WuBai: Fanshu – stupid foreigner; a ‘foreign potato’. Everybody except the Chinese are fan; foreign, it’s a racist word that means ‘barbarian’. This word looks down on foreigners, racist. Like ‘nigger potato’; it’s a word the Chinese used against everybody else. In Taiwan we only have hanji; Chinese they say di-gua, ‘ground melon’. The Taiwanese word for sweet potato is hanji; it translates to “foreign potato.” Taiwanese speaks the ancient Chinese, from thousands of years ago.

Trista: Why ‘foreign potato’?

WuBai: Because it’s not originally from China, maybe Arabic or Holland. I think maybe this fruit is not local. I don’t know why we call it Hanji. But the meaning of character is ‘foreign’ stuff. Like we call the Dutch hong fan, ‘red foreigner’ — because their hair is red.

Trista: Who uses the word ‘fanshu’?

WuBai: The Chinese, they use both fanshu and digua . Hanji is the Taiwanese word, Chinese don’t use it. We only use it for the sweet potato. Fan in Taiwanese is han, huan , actually; we also use ‘fanshu’ sometimes. Taiwanese and Chinese both call it ‘fanshu’ because we learn Mandarin Chinese in school.

Trista: So when Chinese or Taiwanese say fanshu, they’re saying something like ‘nigger potato’?

WuBai: Yes, potato, not melon (like in ‘digua’). I think it is a yam.

Trista: I’m so confused. When do the Chinese people use fanshu, and when do they use di-gua?

WuBai: They have several names for it in Chinese.

Trista: They have more names than that?!

WuBai:(googling again): Yeah, just found out, gan shu, and hongshu (紅薯). That means the same thing.

Trista: They use it interchangeably, fanshu and digua?

WuBai: Yes, because China’s a big country, so every province has a different dialect for what to call a sweet potato.

Trista: Taiwanese people are so goddamned confusing… and confused.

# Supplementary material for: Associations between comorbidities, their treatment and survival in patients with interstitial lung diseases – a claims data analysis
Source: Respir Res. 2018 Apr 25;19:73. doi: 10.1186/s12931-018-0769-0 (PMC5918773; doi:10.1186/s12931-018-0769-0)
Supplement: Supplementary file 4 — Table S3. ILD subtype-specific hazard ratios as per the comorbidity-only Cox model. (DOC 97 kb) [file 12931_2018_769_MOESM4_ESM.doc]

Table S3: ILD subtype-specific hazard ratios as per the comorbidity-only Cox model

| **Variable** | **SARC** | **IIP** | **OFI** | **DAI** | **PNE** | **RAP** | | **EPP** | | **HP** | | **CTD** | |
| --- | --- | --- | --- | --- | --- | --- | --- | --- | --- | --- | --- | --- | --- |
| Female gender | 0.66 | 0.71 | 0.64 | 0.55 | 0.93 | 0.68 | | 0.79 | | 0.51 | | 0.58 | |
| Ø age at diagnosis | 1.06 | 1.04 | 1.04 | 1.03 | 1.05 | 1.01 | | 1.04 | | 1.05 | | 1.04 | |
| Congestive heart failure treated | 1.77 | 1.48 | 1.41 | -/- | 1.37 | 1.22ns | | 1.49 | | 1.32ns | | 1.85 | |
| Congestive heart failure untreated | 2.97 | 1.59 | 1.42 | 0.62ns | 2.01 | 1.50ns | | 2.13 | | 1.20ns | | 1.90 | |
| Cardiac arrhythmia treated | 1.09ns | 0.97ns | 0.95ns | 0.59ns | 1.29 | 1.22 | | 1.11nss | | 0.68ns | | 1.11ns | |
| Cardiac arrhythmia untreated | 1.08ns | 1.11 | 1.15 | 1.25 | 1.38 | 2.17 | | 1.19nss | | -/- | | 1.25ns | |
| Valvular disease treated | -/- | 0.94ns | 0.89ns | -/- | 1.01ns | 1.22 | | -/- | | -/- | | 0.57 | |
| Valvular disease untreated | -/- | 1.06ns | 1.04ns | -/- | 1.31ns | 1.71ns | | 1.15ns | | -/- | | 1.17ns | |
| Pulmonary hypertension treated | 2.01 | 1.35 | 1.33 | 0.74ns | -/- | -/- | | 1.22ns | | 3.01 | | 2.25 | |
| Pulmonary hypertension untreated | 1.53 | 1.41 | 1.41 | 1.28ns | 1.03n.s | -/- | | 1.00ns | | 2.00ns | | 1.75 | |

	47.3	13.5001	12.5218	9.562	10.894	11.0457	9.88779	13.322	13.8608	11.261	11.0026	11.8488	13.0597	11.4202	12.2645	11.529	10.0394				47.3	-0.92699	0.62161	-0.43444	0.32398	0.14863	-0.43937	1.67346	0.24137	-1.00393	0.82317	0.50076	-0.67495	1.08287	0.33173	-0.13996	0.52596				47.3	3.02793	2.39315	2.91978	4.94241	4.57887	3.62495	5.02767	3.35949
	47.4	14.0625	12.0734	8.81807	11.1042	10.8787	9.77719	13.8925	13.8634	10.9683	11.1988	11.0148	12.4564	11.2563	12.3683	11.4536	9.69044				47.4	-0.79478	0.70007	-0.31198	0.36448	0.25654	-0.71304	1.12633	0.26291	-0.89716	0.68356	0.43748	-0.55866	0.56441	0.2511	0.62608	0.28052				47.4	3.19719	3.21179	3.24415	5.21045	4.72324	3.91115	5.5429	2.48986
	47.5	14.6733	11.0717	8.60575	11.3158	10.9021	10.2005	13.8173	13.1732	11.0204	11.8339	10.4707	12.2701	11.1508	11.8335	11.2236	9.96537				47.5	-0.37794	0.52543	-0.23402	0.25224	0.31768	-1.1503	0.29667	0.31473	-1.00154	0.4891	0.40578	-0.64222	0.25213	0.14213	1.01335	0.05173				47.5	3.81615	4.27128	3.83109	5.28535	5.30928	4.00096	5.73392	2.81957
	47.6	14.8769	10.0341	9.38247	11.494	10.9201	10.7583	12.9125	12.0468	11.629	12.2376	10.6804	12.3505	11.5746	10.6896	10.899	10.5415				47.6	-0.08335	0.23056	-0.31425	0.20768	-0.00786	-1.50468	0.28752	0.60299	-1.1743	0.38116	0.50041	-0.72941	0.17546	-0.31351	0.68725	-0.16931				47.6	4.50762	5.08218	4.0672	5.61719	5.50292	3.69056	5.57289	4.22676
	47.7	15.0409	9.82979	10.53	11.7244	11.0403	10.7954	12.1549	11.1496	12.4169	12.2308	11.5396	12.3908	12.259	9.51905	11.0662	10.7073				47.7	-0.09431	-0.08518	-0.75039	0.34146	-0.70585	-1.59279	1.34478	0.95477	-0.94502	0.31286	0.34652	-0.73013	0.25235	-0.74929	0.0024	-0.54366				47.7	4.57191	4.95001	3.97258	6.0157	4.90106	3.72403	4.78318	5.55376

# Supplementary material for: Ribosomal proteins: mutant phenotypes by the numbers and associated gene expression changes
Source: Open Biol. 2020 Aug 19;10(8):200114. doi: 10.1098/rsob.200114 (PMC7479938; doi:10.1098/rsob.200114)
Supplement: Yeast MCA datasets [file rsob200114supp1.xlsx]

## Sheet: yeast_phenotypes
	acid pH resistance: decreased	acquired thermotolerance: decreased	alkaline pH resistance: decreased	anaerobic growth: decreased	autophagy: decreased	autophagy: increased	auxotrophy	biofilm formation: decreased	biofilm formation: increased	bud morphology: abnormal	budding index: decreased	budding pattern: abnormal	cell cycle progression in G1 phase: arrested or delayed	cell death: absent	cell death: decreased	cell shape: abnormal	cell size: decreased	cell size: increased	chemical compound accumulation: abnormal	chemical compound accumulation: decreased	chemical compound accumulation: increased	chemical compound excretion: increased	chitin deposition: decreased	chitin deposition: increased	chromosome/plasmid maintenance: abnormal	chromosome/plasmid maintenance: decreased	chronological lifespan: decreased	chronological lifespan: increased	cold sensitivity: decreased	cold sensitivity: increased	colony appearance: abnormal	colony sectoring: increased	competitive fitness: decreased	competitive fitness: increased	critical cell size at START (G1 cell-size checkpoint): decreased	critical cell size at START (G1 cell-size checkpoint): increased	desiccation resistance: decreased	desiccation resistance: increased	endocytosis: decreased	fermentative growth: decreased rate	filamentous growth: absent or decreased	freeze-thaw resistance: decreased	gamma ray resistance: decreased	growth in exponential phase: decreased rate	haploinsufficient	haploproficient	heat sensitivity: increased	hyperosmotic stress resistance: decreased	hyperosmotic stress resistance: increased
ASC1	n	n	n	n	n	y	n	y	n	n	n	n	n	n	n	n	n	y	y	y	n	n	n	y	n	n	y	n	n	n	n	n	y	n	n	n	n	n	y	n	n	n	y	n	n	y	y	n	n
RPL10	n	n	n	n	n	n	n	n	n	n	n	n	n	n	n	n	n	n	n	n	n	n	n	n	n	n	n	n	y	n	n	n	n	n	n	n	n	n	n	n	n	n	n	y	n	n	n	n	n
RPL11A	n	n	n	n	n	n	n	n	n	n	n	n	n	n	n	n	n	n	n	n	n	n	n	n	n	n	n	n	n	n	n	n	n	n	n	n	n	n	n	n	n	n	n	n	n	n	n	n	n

WuBai: School doesn’t teach us this; I learned from my life experience.

Trista: So does anybody in Taiwan actually distinguish between the types of sweet potatoes and yams, farmers even?

WuBai: No. Only the researchers, probably.

Trista: So when did the sweet potato come to Taiwan? Who brought it here?

WuBai: It came from China, through Fujian. I think they brought it 400 years ago. People brought some vegetable seeds here. There must be some proof of this somewhere. But I’d have to go to the library. Japanese call them gansu, too, same as Chinese. In the Japanese language, words originally came from China 2000 years ago. So they call it gansu, that means 2000 years ago Chinese call them gansu already.

Trista: If hanji means ‘foreign potato’, basically Taiwanese people are calling themselves ‘foreign yams’!

WuBai: Yep.

Trista: That’s kind of messed up logic, especially when applied to a movement for an indigenous, separate identity from the Mainland.

WuBai: Yes, it started about 20 years ago. It’s like ‘Amerigo’ –> America –> americano!

Trista: Right. So I think we’ve solved the mystery of the sweet potato.

WuBai: Yeah, the mystery vegetable.

3 thoughts on “The strange history of the sweet potato

  • September 17, 2018 at 5:31 am
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    2000 years ago there most likely wasn’t a word for sweet potato in China because sweet potato is a New World Crop and wasn’t known in China till like earliest around 600 years ago.

    Reply
  • November 19, 2014 at 5:09 am
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    Nice! I’ve been wondering if the 番薯 is a sweet potato imported during the 17th century by the Dutch (who would have sweet potatoes from the Americas at that time), or if it is an indigenous yam, or what it is. Your conversation with Wubai may not have given a definitive answer, but it was informative nevertheless.

    Reply
  • May 21, 2014 at 12:17 am
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    The sweet potato would have been grown by the aboriginals in Taiwan. That is probably why they called it Fan Shu in Taiwan.

    Reply